"I'm terrible with fashion," concedes the Loanhead-born creative director of cult US clothing store Anthropologie. Over lunch in Chelsea, NewYork's gallery district, where he is overseeing a fashion shoot, he continues, "Ninety per cent of the time I wear jeans. I wear boots from one manufacturer because they fit and they're comfortable. I wear Paul Smith shirts because I think he's a genius, but this one is six years old. I absolutely never imagined I'd end up here."
What the self-effacing Scot lacks in personal style he more than makes up for with his design skills. This season his company, Urban Outfitters Inc, is responsible for two of the most hotly anticipated developments on the UK high street. October saw the opening of Anthropologie's first European outlet, in London, and this month sister brand Urban Outfitters finally comes to the Scottish capital, with the opening of a sprawling newstore on Princes Street this weekend. Glasgow has had a branch in Buchanan Street since 2000.
As he orders swordfish and a glass of water, Lunn casually lets slip that Anthropologie could soon be arriving in Scotland.
"We are having the whole Edinburgh versus Glasgow debate at the moment," says the 43-year-old, "I favour opening in Edinburgh but that's probably because I'm from there and know it better. Glasgow is also a possibility."
Together with his American wife Kristin Norris, Anthropologie's executive creative director, Lunn is responsible for the brand's overall look. Since he began working for the company in 2005, he has worked hard to identify his customers.
"I think the reason for the success and distinctive look of both brands is that we really know and understand our customer," he says, before launching into a
well-rehearsed description. "She is an individual. She loves fashion but she isn't a slave to it. She won't wear something just because everyone else is; she adapts it to suit her unique look. She is educated, worldly and charming. She's the woman you want to have over for dinner."
The customer he describes is also someone most women would want to be.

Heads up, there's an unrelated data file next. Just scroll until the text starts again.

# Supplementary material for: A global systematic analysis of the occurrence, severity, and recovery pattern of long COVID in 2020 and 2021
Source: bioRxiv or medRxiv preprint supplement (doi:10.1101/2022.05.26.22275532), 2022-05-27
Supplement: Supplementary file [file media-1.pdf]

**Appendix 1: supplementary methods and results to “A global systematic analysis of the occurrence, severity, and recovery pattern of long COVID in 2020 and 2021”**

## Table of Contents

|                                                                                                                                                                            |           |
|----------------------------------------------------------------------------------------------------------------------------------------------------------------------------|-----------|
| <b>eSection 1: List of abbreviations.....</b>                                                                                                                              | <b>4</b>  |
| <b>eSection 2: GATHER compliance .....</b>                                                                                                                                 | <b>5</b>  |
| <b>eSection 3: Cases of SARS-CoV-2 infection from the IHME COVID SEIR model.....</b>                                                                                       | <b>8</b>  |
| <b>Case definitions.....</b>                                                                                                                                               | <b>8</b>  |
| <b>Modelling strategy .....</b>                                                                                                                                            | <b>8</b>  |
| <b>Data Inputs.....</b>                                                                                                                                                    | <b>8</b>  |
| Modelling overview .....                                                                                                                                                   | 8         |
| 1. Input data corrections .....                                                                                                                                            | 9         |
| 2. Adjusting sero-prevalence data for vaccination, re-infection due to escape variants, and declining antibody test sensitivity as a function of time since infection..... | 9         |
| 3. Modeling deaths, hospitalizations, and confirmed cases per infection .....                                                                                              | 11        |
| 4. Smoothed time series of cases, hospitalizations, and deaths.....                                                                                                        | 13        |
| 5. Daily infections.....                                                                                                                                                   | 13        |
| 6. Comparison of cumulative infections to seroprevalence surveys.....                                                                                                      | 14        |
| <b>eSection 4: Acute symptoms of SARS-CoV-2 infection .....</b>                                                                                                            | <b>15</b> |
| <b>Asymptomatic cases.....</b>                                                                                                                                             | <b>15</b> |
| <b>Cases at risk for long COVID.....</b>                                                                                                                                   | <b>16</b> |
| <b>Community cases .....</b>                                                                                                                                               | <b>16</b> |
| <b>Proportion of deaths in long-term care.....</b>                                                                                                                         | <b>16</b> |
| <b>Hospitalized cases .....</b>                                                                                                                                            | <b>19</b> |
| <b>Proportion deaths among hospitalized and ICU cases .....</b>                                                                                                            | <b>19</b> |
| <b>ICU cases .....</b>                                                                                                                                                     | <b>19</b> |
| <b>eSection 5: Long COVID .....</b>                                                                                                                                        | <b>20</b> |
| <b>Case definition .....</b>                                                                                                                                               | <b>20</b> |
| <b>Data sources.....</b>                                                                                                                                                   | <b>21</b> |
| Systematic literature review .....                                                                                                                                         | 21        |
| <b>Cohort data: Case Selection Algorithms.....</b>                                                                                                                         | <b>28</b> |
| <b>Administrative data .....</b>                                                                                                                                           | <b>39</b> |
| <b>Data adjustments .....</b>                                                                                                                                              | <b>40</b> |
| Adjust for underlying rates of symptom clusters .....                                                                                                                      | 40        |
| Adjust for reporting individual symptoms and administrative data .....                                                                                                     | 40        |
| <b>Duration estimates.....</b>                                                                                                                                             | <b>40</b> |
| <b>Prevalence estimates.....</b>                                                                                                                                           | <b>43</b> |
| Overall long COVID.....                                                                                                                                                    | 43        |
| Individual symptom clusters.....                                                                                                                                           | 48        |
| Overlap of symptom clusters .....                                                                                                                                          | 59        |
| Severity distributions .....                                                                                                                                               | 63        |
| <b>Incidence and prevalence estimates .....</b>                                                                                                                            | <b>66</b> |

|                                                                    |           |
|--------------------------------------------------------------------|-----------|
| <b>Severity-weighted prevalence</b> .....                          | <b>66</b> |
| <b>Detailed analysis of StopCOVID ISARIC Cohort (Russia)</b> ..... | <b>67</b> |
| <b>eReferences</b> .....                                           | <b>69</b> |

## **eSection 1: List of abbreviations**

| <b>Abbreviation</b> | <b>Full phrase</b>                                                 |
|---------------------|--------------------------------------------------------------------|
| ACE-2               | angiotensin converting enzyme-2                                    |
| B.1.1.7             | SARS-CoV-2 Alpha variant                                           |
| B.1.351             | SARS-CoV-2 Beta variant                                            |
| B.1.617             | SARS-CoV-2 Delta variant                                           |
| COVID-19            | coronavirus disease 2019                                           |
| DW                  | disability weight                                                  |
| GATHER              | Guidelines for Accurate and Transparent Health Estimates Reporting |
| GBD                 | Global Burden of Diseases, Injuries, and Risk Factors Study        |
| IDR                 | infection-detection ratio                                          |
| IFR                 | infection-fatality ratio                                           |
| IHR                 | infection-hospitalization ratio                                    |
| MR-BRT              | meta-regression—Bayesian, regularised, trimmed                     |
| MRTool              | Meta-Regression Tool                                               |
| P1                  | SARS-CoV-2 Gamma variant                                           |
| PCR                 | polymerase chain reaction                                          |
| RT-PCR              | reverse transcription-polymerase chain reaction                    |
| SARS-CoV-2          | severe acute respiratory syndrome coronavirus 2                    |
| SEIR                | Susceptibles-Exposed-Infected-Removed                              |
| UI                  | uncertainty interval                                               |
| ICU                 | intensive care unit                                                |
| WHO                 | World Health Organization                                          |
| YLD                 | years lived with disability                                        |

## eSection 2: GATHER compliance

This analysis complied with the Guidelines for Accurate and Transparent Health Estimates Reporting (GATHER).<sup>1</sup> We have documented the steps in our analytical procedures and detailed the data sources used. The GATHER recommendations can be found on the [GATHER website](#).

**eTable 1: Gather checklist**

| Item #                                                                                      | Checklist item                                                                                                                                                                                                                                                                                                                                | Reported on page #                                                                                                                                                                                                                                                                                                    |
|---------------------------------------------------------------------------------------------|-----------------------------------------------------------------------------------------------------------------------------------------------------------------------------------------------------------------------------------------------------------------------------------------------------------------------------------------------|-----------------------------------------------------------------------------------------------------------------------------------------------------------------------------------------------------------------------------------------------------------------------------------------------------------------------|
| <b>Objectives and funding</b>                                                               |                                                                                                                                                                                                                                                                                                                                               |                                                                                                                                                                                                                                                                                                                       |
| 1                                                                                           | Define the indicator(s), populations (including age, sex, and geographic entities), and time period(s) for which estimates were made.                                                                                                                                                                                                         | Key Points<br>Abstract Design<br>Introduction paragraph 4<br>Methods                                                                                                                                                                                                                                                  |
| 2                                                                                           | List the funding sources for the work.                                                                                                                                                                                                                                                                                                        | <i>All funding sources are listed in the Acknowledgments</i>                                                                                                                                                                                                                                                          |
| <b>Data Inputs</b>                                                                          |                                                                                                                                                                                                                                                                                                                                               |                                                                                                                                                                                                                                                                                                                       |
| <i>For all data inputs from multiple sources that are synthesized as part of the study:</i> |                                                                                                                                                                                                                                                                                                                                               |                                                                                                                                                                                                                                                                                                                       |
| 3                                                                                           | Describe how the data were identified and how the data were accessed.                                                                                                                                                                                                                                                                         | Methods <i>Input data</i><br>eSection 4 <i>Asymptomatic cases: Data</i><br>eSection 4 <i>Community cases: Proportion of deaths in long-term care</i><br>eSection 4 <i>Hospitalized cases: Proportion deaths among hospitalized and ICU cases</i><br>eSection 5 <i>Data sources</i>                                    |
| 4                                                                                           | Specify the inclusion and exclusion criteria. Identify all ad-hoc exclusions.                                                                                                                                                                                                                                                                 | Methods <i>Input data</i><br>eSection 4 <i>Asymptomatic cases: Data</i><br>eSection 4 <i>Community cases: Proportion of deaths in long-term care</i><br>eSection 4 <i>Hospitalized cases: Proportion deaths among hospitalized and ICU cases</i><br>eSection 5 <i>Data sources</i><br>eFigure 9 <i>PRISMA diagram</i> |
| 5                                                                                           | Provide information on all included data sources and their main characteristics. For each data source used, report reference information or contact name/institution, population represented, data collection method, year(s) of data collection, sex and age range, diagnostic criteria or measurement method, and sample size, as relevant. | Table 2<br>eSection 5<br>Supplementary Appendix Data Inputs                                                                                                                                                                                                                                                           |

Urban Outfitters was founded in 1970 in Philadelphia and now has 151 stores worldwide. If its customer is an edgy, urban trendsetter, Anthropologie is a style-savvy older sister who appreciates the label's quirky, handmade aesthetic. The firm's buyers and designers scour the globe for unique pieces and inspiration, giving stock a mixture of ethnic, global and vintage influences.
"I don't think anyone pays as much attention to detail as our designers, right down to the choice of buttons and the label inside the garment," says
Lunn. "The clothes are often an unusual mix of materials and patterns. Or we take a traditional pattern like a paisley pattern and explode the scale."
When Anthropologie opened in London's Regent Street, shoppers took to Facebook, Twitter and the blogosphere to rave about it.
A second London store is opening next March, and while Urban Outfitters Inc has plans for more UK outlets, Lunn stresses that world domination is not his style.
"We are always getting e-mails and letters from customers asking us to open a store where they are, everywhere from Australia to Iceland. We will open shops here and there rather than blitzing the whole of the UK and beyond.
"It's important to us to keep things on a local level. Each store is run like a neighbourhood boutique and every store is very different. The Edinburgh Urban Outfitters will be different from the Glasgow store. The King's Road Anthropologie store will be different from the Regent Street one. Britain is a natural fit for us. We always look to Britain for inspiration. There's so much creative talent there, particularly for such a small place."
One of Lunn's favourite parts of his job is coming up with track listings for all the stores. He pulls out his iPod and calls up the music library he put together
for the London launch. His roots, and age, are evident in his choices, which include numbers by Belle and Sebastian, Cocteau Twins, Altered Images, Del Amitri, Edwyn Collins, King Creosote, Helicopter Girl, Dot Allison and Camera Obscura.